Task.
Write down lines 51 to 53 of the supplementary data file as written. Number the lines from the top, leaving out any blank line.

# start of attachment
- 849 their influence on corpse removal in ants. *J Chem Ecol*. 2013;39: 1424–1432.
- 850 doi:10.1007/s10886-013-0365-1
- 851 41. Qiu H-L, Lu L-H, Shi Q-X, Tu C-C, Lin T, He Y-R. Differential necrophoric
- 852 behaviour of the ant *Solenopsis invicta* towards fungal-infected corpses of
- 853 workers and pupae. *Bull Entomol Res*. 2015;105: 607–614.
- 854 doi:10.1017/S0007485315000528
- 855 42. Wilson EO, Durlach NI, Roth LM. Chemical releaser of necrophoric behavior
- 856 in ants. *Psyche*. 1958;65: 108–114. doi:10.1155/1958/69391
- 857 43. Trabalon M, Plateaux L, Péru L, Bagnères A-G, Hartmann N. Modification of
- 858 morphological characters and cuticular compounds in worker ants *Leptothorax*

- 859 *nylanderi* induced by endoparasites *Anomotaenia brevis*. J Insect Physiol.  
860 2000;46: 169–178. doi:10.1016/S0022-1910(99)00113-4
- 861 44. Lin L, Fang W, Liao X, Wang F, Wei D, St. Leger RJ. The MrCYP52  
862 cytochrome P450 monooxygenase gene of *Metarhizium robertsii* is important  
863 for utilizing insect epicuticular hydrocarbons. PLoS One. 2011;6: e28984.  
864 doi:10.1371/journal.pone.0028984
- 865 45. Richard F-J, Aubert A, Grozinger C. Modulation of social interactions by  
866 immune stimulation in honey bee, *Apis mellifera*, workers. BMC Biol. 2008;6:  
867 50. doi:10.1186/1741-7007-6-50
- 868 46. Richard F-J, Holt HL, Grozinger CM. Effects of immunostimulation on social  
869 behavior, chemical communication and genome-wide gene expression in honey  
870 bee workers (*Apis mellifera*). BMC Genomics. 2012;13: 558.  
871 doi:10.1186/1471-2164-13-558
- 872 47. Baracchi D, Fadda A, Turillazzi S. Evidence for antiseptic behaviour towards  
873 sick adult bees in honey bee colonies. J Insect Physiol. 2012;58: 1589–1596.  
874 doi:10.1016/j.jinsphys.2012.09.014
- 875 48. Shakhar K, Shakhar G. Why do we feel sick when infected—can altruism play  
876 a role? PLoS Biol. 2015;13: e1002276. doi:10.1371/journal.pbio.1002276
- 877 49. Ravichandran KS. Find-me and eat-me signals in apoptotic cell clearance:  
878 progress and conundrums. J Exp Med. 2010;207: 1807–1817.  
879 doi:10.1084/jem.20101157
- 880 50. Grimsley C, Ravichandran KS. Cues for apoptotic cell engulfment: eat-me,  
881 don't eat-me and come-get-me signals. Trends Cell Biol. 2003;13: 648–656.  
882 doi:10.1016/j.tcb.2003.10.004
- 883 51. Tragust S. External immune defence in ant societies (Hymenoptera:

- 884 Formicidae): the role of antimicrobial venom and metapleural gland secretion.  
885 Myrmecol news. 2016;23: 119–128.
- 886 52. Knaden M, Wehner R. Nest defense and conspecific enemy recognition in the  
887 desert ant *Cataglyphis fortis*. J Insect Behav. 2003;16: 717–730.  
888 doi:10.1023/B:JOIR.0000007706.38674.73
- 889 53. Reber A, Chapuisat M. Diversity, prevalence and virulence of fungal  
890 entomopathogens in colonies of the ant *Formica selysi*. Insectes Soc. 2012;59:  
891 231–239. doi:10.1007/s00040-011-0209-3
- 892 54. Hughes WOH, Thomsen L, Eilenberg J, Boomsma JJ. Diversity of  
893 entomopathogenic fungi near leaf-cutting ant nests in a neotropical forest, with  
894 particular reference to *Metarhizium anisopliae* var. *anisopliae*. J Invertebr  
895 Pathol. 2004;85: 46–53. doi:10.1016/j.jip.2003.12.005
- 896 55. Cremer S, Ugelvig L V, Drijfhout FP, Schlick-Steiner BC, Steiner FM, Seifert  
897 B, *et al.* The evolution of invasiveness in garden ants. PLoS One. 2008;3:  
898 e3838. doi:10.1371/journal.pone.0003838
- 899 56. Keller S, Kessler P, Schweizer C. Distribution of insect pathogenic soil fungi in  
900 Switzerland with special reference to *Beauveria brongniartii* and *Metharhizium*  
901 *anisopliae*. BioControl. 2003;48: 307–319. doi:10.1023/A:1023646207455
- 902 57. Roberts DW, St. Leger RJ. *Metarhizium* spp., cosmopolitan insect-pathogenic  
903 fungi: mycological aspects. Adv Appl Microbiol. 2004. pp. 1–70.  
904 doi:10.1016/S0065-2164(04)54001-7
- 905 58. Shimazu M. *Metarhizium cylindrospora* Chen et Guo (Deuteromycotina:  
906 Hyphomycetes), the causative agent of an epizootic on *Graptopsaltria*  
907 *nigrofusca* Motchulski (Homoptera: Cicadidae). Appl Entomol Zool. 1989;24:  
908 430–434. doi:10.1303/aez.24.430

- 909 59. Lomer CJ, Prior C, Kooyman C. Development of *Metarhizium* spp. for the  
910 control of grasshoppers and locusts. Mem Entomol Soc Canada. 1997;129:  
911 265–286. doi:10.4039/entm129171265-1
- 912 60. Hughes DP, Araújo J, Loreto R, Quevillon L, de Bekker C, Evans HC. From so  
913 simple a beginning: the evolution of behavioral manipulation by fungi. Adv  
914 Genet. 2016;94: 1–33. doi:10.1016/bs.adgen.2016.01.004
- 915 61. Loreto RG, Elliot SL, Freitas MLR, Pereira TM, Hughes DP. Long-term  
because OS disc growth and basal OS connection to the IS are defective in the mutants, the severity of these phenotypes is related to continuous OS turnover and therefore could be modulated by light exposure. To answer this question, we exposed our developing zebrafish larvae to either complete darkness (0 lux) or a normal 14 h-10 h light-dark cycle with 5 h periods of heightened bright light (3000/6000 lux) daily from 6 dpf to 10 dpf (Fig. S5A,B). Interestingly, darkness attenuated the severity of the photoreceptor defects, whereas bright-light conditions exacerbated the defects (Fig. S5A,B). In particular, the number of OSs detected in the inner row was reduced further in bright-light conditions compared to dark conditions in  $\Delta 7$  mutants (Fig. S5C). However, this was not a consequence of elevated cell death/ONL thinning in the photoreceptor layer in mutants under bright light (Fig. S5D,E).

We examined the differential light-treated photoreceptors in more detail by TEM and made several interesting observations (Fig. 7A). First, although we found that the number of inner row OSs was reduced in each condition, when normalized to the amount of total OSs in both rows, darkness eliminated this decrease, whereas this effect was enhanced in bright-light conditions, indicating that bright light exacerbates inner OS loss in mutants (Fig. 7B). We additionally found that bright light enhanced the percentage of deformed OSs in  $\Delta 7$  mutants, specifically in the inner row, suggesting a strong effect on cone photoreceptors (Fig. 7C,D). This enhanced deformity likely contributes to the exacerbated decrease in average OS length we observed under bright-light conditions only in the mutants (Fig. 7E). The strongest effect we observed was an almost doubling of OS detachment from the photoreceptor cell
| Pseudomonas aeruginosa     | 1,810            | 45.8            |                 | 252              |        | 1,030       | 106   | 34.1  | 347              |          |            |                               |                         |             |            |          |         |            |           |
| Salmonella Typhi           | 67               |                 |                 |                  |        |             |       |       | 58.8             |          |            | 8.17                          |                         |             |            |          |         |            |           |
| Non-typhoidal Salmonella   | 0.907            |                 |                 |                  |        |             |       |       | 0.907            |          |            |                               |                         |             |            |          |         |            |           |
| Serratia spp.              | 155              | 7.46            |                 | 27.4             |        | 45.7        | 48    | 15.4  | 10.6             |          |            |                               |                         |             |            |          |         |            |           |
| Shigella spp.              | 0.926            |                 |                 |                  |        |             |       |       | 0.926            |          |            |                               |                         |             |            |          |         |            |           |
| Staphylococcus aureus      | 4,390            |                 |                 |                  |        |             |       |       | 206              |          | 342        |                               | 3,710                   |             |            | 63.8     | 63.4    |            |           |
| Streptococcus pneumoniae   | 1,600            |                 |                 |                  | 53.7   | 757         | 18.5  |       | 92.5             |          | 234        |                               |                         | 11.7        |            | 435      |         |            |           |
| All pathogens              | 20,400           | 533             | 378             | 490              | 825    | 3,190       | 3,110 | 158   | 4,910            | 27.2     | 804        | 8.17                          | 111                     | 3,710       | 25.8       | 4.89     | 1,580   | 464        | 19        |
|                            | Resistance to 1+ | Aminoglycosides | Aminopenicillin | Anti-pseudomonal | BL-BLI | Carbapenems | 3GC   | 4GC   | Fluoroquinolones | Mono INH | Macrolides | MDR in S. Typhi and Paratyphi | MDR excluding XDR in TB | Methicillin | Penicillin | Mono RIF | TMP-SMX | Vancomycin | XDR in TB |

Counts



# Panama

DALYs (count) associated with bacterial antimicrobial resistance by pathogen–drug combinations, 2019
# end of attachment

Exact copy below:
- 899 56. Keller S, Kessler P, Schweizer C. Distribution of insect pathogenic soil fungi in  
900 Switzerland with special reference to *Beauveria brongniartii* and *Metharhizium*  
901 *anisopliae*. BioControl. 2003;48: 307–319. doi:10.1023/A:1023646207455